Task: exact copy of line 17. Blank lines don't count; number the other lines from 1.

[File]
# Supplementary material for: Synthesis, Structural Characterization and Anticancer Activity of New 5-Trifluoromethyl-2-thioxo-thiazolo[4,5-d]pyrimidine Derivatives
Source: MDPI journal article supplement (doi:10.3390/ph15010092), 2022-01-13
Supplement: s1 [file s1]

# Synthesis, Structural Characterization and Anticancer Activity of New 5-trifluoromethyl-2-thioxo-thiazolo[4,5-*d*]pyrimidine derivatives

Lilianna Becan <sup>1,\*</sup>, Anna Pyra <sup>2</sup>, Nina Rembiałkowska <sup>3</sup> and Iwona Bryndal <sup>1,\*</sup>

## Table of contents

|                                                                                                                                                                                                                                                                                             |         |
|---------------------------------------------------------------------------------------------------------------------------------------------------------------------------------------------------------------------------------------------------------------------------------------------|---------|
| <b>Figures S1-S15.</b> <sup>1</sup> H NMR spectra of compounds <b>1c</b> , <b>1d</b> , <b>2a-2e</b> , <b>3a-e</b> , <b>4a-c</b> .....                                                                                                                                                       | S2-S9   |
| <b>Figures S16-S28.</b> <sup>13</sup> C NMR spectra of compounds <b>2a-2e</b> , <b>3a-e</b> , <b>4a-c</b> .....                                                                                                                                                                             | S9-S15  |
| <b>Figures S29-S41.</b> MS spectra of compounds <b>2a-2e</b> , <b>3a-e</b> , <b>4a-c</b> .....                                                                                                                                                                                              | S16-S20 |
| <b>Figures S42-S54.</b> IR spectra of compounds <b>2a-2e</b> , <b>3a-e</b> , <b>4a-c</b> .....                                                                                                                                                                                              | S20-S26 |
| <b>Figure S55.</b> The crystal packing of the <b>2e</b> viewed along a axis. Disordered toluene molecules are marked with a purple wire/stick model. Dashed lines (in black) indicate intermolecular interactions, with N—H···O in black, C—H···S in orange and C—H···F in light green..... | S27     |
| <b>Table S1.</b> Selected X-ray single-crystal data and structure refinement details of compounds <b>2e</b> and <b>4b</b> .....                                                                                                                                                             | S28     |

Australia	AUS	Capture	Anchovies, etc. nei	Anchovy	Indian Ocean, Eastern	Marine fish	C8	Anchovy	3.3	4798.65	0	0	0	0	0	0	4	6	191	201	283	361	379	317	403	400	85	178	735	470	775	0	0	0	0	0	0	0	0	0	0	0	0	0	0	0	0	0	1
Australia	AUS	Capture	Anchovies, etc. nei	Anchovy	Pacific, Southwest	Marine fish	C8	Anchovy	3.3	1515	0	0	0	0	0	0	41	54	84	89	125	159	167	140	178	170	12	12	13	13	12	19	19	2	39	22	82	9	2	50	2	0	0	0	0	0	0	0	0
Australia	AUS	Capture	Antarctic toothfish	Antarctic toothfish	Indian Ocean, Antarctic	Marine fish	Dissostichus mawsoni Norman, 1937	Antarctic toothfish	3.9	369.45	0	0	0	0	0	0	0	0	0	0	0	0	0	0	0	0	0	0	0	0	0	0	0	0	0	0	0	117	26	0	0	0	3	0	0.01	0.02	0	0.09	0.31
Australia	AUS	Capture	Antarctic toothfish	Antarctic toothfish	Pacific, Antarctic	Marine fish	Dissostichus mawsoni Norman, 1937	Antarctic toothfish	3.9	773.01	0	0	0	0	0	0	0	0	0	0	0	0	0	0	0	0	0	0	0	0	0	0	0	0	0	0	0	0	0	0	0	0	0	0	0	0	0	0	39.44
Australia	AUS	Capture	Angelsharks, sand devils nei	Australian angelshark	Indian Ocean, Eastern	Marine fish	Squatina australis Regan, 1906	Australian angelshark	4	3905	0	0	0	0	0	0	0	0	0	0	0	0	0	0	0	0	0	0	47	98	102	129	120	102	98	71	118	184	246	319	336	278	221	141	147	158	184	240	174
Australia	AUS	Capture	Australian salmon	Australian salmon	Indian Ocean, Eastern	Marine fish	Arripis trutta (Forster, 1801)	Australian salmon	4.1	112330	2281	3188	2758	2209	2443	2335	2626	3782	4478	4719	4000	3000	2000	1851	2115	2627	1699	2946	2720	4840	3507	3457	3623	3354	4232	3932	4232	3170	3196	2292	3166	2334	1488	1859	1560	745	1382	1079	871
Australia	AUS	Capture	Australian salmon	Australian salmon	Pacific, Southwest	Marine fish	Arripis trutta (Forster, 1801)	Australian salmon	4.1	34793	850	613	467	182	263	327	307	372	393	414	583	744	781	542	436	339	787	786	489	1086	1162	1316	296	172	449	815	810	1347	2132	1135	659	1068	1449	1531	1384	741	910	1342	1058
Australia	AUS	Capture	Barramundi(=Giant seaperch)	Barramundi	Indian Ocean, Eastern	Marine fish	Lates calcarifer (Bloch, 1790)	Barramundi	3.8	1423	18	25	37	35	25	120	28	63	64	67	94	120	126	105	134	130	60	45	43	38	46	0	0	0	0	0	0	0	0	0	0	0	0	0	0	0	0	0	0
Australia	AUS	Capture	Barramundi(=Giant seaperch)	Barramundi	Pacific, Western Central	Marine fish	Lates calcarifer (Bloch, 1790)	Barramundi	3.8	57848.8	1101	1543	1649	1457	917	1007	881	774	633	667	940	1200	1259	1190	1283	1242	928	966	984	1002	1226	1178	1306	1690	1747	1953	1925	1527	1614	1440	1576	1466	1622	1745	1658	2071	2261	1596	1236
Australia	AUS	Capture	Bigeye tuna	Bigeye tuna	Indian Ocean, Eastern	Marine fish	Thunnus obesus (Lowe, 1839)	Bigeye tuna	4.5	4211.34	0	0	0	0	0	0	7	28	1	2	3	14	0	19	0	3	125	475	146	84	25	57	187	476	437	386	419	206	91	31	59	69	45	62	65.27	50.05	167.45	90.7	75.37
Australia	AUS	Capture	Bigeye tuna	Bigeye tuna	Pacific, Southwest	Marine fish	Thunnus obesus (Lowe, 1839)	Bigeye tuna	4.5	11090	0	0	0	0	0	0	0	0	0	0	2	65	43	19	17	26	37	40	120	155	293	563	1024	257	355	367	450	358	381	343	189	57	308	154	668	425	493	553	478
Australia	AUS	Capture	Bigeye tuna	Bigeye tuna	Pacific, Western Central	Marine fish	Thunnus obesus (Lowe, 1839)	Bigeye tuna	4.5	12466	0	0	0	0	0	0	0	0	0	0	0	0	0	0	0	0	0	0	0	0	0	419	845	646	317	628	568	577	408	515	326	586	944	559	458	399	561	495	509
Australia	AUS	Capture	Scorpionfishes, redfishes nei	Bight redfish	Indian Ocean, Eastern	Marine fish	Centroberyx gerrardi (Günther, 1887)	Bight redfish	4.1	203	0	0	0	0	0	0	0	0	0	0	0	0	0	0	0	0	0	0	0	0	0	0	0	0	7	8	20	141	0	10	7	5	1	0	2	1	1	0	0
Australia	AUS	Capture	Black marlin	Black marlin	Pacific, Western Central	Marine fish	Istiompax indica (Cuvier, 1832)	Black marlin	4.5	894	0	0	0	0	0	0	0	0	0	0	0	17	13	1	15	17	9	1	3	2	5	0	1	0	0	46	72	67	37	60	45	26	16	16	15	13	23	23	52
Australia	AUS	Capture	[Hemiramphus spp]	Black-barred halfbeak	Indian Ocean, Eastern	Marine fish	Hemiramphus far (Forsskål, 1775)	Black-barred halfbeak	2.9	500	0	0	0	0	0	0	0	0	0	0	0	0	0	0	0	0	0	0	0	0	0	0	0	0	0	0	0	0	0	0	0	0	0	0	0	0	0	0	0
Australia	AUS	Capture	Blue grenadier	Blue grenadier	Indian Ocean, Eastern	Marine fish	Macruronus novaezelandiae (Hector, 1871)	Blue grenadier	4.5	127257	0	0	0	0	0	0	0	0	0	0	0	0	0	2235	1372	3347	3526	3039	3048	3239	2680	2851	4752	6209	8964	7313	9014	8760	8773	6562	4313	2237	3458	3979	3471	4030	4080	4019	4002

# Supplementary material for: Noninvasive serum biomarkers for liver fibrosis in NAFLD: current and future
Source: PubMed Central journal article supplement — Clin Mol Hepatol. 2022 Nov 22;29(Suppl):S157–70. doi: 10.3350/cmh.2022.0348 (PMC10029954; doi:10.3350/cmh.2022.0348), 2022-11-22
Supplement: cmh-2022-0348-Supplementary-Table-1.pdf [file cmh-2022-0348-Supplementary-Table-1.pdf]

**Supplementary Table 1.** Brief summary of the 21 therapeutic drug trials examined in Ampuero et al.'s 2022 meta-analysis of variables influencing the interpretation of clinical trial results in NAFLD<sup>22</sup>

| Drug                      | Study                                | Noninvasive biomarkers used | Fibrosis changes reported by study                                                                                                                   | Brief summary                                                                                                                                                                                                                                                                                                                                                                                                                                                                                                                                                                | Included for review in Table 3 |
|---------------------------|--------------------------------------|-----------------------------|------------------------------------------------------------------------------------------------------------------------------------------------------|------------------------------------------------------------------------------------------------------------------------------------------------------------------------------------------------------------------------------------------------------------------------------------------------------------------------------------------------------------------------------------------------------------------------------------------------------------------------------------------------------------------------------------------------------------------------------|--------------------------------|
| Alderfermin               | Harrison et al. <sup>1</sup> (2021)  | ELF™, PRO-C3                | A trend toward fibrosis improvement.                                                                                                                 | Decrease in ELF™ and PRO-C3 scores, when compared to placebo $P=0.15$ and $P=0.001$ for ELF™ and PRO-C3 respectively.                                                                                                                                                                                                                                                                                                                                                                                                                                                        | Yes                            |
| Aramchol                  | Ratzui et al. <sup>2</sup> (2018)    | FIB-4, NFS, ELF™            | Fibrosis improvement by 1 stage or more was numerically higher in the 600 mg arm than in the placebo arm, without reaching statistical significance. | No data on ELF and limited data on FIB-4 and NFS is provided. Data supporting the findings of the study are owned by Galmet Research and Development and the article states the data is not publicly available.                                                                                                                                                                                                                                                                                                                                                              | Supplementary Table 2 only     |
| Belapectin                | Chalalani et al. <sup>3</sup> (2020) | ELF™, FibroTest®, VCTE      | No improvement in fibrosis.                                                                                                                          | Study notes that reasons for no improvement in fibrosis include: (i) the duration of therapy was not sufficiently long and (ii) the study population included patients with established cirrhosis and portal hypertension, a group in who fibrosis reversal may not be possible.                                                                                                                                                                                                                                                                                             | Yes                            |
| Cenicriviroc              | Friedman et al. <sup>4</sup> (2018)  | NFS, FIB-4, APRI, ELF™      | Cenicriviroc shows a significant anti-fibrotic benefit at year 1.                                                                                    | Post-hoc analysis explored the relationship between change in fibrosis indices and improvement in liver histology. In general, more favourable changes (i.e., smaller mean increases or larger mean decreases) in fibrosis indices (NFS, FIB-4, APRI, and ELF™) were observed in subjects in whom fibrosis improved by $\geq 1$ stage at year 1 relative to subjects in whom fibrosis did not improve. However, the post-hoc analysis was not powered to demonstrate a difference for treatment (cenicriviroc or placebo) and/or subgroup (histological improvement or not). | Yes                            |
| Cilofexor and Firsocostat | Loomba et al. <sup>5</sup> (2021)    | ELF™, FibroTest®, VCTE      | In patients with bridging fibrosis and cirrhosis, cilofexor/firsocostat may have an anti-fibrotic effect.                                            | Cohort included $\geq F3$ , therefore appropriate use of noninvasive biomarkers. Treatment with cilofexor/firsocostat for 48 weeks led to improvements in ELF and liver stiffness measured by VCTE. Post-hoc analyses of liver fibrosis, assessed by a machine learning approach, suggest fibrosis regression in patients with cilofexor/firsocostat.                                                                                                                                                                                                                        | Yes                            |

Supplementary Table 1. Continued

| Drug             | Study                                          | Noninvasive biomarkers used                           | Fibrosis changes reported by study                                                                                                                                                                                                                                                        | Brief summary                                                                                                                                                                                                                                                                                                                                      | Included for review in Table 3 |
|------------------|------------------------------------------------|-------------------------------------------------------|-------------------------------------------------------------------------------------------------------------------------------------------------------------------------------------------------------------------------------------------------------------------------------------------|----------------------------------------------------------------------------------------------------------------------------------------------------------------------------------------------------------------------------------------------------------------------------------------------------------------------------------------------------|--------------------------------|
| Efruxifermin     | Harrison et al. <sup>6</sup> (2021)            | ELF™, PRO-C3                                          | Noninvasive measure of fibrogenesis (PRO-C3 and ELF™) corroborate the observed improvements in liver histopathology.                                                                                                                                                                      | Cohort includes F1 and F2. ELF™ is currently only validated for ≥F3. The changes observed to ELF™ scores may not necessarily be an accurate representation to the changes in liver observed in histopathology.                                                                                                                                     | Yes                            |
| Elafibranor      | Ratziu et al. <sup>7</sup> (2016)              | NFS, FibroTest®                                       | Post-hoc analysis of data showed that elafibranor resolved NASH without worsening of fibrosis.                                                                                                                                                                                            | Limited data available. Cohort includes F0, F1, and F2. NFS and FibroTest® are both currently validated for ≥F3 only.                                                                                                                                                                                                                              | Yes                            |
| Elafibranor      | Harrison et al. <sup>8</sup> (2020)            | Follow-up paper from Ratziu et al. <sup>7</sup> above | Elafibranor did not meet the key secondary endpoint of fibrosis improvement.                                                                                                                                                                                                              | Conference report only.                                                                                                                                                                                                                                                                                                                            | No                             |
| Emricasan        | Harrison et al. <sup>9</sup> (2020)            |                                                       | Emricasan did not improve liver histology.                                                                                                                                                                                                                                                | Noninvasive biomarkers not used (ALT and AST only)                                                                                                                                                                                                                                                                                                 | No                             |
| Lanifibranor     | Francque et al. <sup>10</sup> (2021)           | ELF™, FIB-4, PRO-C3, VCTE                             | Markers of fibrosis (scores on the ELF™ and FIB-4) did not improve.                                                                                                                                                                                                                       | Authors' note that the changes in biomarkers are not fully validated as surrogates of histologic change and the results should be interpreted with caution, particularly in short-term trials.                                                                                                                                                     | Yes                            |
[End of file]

Australia	AUS	Capture	Antarctic toothfish	Antarctic toothfish	Indian Ocean, Antarctic	Marine fish	Dissostichus mawsoni Norman, 1937	Antarctic toothfish	3.9	369.45	0	0	0	0	0	0	0	0	0	0	0	0	0	0	0	0	0	0	0	0	0	0	0	0	0	0	0	117	26	0	0	0	3	0	0.01	0.02	0	0.09	0.31